Originally Posted by suzy_q2010 View Post
When I find an expected third to fifth cousin with a common ancestor much further back I always look for another common ancestor. I have some lines that go back to early CT where the same families intermarried a lot. Any matches I have with that crew can end up with us being cousins nine different ways.
That's exactly right. I have a couple of family branches that developed in highly endogamous areas of the country and yes this is exactly the assumption I make as well.
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Old 08-20-2017, 10:44 PM
 
Location: CA--> NEK VT--> Pitt Co, NC
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I didn't realize my grandfather's father was a child born of an affair until I asked my aunts why the records showed my 2g-grandfather married to another woman who had a child 3 mos after my great-grandfather was born. Funny how that story never came up, but apparently they all kind of lived happily ever after with everyone knowing each other, living in the same neighborhood and taking care of each other's kids. It was kind of wild.

That was dad's side. On mom's side, my 2g-grandmother was born out of wedlock. Her conception appears to be youthful indiscretion. No cheating. Her parents were unmarried and 15-16 years old. Court records show her father confirmed his paternity. Both parents went on to marry others and stayed that way unto death.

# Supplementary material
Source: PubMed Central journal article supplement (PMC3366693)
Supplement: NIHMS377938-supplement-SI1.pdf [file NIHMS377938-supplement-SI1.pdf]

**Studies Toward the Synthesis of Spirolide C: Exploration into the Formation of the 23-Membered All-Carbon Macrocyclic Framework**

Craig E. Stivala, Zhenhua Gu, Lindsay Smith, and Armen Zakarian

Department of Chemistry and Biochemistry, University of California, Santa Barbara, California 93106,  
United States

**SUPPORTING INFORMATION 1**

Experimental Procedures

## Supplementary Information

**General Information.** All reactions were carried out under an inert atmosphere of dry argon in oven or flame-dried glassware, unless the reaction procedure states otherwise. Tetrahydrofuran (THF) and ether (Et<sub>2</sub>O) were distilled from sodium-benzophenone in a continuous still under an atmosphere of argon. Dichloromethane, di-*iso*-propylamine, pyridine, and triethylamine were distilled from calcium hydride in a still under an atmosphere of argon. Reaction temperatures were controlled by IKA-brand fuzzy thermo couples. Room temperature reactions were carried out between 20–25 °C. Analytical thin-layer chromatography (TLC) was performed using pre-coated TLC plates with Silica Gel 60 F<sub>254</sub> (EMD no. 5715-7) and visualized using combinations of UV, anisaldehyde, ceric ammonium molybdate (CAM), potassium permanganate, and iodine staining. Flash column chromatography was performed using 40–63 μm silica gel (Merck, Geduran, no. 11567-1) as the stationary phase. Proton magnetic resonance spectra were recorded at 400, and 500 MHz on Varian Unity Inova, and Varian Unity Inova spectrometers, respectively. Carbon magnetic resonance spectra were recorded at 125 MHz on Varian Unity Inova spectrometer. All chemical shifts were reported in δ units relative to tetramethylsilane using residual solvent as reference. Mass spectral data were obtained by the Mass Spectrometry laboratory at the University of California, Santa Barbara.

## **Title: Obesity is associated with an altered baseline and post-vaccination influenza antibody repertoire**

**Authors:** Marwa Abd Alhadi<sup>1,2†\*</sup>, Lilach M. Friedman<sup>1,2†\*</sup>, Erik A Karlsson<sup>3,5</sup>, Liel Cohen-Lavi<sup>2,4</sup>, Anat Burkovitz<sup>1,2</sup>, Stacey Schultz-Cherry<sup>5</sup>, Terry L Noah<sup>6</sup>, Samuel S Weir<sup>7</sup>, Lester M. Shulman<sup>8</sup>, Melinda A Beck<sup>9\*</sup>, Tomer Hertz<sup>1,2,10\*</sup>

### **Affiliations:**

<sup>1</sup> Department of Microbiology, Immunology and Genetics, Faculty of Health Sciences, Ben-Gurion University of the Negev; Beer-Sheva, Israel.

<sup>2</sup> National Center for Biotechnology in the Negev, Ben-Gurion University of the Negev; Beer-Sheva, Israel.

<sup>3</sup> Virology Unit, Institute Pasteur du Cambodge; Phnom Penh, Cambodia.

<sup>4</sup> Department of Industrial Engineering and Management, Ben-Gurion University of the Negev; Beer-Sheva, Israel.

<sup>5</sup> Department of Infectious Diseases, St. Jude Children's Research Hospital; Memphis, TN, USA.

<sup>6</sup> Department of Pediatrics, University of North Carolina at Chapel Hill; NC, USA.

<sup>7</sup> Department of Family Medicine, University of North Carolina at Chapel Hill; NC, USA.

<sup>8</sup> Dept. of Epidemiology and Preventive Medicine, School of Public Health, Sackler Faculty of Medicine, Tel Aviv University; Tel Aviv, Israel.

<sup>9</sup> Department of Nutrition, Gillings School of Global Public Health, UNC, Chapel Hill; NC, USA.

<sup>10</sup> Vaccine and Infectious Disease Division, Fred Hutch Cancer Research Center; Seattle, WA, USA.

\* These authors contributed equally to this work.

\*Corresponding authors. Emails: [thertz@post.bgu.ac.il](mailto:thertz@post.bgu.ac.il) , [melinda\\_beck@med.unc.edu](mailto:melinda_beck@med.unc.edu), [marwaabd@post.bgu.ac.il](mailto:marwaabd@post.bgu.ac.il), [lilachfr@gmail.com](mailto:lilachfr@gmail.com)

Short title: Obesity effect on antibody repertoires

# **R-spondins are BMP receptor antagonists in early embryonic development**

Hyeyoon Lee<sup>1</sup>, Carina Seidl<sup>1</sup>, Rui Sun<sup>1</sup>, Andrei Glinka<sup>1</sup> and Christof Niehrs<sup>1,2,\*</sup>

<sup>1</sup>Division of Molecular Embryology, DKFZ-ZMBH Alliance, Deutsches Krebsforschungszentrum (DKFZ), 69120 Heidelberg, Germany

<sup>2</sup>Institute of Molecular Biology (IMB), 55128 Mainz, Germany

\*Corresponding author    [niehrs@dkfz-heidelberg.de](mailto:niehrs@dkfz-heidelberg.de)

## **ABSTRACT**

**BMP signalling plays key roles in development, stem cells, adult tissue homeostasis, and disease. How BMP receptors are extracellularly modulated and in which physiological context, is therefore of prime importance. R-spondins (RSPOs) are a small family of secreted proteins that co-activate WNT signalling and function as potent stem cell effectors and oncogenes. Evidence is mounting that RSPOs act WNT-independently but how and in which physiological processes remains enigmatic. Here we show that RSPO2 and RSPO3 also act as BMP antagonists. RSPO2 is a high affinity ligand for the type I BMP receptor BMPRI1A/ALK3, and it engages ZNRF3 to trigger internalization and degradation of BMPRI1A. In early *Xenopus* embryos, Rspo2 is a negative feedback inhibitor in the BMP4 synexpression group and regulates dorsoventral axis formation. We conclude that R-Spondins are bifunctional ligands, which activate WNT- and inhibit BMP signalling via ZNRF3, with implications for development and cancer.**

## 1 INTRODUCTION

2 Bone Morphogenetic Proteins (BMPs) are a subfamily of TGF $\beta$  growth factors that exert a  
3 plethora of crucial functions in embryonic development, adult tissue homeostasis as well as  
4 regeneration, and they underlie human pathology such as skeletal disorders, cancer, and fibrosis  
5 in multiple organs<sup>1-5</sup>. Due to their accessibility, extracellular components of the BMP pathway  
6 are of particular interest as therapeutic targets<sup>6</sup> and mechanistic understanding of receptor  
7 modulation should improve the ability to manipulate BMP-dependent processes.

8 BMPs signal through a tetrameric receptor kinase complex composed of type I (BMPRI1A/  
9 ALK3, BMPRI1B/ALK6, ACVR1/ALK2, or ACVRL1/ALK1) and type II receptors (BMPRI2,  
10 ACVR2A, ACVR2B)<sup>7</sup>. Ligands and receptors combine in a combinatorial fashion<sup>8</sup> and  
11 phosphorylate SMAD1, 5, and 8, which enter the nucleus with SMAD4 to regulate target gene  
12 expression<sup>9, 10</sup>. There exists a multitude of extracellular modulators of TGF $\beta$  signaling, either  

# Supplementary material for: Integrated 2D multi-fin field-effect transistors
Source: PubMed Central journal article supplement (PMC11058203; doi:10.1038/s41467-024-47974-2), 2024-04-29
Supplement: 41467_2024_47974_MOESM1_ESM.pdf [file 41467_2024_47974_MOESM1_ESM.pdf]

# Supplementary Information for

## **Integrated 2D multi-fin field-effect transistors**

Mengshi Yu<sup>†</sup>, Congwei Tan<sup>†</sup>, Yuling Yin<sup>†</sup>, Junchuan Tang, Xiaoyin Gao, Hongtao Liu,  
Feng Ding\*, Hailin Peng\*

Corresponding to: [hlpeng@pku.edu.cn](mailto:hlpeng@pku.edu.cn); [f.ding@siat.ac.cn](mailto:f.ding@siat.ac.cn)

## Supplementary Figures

I have made some cousin connections on 23 & Me that make me wonder about fidelity in generations prior to that, but nothing that I can prove at this point. It does however seem to make the most sense.

Almost no divorces or multiple, concurrent marriages in my family. Some shady stuff in some of the cousin lines, but nothing special otherwise in my direct lines...yet anyway.
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Old 08-22-2017, 09:06 PM
 
Location: Illinois
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On a line or so were some slave owners who weren't exactly faithful to their wives...
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Old 08-23-2017, 12:32 PM
 
Location: Alexandria, VA, USA
1,059 posts, read 608,029 times
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All;

Remember, a non-parental event (NPE) does not always indicate infidelity, though in many cases, this is so. It could also be a child who was switched at birth (mistakenly or otherwise), or from an adoption, which was more common before abortion became legal.

Before abortion became legal, young girls were sent to live with "aunts" or placed into "homes for unwed mothers" (these were not uncommon) until the baby was born. These babies were generally given up for adoption. Occasionally, they would surface as the child of the grandmother.